Media leaders should stop seeing diversity as a “nice to have” and treat it as a a “must have” instead. That was determined by the latest study titled “Are Journalists Today’s Coal Miners? The Struggle for Talent and Diversity in Modern Newsrooms”, published on 15 July by the Reuters Institute in cooperation with the Johannes Gutenberg University of Mainz. The research investigated 28 news organisations and journalism schools in Germany, Sweden, and the United Kingdom.
“Journalists must reach out to audiences that are becoming more and more diverse while newsrooms must be made attractive to a young and diverse talent pool,” the study says. Speaking about diversity, it examines not only the amount of migrants, but also the presence of people from the working class, rural areas and different gender.
- How heads of newsrooms and journalism schools see diversity in their institutions
All respondents showed a high awareness of the lack of diversity and saw a high potential to regain their readership’s trust through improving their newsroom’s diversity. Unfortunately, their perception of already doing a lot was encountered in the group discussions, where German students “didn’t see any convincing efforts on the part of media organisations or journalism programmes to increase and manage diversity.”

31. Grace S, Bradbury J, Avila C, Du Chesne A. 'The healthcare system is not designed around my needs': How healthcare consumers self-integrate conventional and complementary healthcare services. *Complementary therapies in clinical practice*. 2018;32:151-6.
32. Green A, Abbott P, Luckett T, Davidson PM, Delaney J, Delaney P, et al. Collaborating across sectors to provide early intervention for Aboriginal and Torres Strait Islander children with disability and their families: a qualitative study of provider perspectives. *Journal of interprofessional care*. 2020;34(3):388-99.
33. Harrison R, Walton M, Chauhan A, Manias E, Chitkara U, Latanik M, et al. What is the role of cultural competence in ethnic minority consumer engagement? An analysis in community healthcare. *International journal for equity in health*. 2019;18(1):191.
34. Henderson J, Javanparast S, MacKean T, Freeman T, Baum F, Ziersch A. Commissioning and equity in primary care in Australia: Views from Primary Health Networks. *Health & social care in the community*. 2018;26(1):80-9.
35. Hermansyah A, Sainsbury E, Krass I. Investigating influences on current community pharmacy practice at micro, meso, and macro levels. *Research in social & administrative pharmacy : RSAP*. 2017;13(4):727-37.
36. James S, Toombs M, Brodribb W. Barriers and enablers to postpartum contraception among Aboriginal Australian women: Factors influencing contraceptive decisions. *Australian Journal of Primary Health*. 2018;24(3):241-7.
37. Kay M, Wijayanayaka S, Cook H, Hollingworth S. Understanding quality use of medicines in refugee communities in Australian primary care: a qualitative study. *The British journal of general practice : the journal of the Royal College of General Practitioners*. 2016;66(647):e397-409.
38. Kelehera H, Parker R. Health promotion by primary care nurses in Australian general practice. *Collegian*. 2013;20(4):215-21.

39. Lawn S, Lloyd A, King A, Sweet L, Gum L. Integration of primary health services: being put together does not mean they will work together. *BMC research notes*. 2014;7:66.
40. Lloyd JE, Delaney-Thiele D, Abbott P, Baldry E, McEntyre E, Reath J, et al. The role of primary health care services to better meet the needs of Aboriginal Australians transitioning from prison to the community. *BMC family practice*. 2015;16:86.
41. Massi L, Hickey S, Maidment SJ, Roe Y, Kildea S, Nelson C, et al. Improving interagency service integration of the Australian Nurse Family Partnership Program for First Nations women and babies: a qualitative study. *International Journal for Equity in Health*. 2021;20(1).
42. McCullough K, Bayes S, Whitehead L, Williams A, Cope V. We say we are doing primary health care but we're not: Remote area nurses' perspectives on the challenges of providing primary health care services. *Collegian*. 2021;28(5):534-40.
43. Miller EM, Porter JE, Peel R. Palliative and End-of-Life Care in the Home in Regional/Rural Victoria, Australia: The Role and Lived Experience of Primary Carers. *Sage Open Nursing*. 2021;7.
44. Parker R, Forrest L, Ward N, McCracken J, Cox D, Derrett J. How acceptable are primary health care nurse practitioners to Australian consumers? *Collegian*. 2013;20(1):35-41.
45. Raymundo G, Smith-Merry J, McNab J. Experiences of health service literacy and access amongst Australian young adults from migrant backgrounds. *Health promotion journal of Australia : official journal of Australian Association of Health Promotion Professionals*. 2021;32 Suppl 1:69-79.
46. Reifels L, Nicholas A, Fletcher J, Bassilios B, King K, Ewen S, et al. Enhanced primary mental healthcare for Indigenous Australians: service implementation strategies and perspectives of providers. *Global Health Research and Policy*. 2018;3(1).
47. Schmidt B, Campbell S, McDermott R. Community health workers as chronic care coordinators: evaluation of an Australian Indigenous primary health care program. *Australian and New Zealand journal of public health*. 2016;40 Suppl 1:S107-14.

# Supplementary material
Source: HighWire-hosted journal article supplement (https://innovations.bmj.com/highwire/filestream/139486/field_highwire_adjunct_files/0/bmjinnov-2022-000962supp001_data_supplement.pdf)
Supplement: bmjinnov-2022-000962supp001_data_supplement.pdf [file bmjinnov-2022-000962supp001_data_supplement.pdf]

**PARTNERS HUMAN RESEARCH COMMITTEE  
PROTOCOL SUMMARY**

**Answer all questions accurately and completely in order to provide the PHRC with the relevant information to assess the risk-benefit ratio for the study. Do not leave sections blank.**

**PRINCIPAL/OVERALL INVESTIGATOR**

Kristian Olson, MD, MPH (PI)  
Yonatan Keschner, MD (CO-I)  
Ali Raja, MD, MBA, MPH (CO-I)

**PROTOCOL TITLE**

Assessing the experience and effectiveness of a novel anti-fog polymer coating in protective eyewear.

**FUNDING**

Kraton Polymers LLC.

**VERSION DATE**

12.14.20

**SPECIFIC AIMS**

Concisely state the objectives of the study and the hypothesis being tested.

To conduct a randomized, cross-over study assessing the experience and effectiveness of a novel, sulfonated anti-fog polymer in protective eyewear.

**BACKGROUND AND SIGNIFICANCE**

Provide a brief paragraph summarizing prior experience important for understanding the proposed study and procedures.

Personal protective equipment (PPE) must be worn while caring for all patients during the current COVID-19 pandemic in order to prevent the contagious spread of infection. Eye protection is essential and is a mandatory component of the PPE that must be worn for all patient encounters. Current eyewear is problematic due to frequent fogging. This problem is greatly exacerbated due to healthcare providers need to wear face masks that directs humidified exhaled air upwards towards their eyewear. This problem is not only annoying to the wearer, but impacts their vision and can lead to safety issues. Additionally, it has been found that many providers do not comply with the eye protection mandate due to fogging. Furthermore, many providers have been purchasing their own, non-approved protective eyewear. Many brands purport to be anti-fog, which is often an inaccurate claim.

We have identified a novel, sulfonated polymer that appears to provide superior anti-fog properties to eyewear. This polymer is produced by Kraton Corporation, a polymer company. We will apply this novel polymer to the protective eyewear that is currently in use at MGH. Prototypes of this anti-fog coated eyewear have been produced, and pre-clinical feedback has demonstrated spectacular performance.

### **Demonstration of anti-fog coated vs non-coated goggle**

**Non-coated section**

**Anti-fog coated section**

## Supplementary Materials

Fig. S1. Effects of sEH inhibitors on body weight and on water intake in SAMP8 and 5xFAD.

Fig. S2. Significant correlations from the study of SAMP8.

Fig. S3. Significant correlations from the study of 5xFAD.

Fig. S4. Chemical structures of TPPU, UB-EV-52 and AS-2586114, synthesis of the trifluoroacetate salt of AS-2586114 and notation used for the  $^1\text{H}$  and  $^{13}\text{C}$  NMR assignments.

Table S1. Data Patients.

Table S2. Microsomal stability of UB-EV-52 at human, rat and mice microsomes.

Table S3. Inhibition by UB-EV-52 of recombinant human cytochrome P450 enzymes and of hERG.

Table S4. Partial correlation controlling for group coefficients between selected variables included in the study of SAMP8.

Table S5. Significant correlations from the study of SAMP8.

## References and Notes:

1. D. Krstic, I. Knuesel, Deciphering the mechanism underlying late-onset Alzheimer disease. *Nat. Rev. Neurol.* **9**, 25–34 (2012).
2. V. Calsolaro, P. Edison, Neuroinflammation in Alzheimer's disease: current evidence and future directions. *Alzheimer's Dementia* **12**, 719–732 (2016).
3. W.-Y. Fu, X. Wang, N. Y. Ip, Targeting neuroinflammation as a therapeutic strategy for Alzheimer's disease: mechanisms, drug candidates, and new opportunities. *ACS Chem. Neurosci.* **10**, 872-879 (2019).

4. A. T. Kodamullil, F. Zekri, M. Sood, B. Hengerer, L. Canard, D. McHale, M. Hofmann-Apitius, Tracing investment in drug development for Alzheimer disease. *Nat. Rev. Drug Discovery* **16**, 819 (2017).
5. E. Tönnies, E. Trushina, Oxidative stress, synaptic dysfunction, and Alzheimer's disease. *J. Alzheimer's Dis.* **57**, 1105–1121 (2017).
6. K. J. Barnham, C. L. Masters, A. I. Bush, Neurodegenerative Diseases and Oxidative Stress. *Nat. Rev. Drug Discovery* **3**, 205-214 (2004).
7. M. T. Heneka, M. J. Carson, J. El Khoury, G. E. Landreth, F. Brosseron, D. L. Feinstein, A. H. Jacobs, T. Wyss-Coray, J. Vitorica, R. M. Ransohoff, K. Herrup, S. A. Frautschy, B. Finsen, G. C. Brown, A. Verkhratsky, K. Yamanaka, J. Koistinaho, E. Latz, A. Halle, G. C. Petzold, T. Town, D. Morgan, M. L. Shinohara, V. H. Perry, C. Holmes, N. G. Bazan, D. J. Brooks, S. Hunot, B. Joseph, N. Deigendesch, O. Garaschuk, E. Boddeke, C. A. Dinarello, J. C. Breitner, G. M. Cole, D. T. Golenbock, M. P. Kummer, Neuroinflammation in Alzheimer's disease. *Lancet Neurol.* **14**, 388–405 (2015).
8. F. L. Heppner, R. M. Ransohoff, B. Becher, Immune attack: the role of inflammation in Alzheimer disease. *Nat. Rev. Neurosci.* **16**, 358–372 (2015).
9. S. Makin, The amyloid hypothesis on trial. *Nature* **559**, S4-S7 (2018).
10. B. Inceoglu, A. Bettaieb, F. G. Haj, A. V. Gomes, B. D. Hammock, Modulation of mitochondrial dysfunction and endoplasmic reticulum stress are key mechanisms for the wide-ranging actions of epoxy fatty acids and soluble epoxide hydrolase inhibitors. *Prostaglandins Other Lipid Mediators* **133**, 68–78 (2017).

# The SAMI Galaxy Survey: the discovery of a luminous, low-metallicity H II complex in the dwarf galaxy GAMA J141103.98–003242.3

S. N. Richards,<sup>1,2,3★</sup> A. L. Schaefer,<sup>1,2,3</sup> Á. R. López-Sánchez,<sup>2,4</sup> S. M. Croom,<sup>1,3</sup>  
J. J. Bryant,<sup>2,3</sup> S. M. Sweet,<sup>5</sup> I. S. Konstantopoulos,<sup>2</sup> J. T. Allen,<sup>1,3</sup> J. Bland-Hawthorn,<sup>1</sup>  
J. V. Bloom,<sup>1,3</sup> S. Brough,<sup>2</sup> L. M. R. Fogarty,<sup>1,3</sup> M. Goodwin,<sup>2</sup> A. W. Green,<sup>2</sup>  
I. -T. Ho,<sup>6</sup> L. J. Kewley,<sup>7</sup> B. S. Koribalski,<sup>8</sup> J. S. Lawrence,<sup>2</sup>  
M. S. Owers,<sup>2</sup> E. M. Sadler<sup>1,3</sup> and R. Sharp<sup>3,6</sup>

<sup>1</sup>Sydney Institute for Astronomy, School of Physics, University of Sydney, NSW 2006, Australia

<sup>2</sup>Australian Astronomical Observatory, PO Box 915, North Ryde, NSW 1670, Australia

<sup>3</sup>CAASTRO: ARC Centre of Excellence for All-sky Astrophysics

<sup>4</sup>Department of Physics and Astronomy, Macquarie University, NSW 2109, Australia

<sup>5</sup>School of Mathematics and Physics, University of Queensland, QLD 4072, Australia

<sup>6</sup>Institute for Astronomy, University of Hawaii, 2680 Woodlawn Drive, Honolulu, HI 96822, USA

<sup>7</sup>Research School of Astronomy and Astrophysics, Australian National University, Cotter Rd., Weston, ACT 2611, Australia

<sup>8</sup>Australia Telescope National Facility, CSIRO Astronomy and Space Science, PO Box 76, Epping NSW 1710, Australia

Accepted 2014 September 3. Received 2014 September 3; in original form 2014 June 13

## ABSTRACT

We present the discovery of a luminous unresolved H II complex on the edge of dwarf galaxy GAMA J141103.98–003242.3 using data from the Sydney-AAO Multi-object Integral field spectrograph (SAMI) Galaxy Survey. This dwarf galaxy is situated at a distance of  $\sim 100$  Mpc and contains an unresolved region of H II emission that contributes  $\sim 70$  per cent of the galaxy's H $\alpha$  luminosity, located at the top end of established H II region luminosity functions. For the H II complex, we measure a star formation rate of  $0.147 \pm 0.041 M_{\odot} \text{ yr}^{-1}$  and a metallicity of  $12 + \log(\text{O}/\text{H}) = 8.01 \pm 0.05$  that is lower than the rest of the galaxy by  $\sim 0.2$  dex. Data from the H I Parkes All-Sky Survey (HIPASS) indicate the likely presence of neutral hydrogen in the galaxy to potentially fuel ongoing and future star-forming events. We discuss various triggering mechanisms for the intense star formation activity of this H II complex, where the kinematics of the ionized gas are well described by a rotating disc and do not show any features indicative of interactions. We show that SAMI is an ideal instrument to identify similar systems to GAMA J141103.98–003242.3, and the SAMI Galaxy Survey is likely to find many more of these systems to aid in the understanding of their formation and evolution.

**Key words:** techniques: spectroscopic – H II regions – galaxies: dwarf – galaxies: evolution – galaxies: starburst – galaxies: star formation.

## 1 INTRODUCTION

- Best practices how to increase diversity
Many journalism schools see a high potential in partnerships with foundations and scholarships in order to attract people with different ethnic backgrounds or from the working class. UK’s Editors in chief even created their own apprenticeship to help people who cannot afford a university education. Several media also have their own programs presenting the profession mostly targeting schools for underprivileged pupils. Furthermore, the respondents considered mentorship programs and a specific advertisement in the Facebook-feeds of target groups as highly effective.
To bring more women into top positions, German private broadcaster RTL has developed leadership positions which can be shared by several employees. UK’s “The Telegraph has introduced ’50/50′ shortlists, selecting an equal number of male and female candidates across all career levels when it comes to hiring decisions.” To reach gender parity in their products, Dagens Nyheter and the Financial Times now use gender-bots to track how many female or male experts and sources are quoted.
- How to address the issue?
First of all, the newsrooms need a culture inviting minorities to speak up and also to listen to them. A first step could be to keep track of the newsroom diversity through metrics. Recruitment should be more proactive, with a clear strategy of how to reach diverse people. Once hired, diverse candidates will most likely need more management attention, for example additional language training or support with housing in expensive metropolitan areas. In the end, the study says that “all the diversity initiatives in the world are useless if underlying structural forms of discrimination, sexism and racism are not confronted.”
The research was driven by Alexandra Borchardt, Julia Lück, Sabine Kieslich, Tanjev Schultz and Felix M. Simon.
Picture Credit: Nathan Dumlao / Unsplash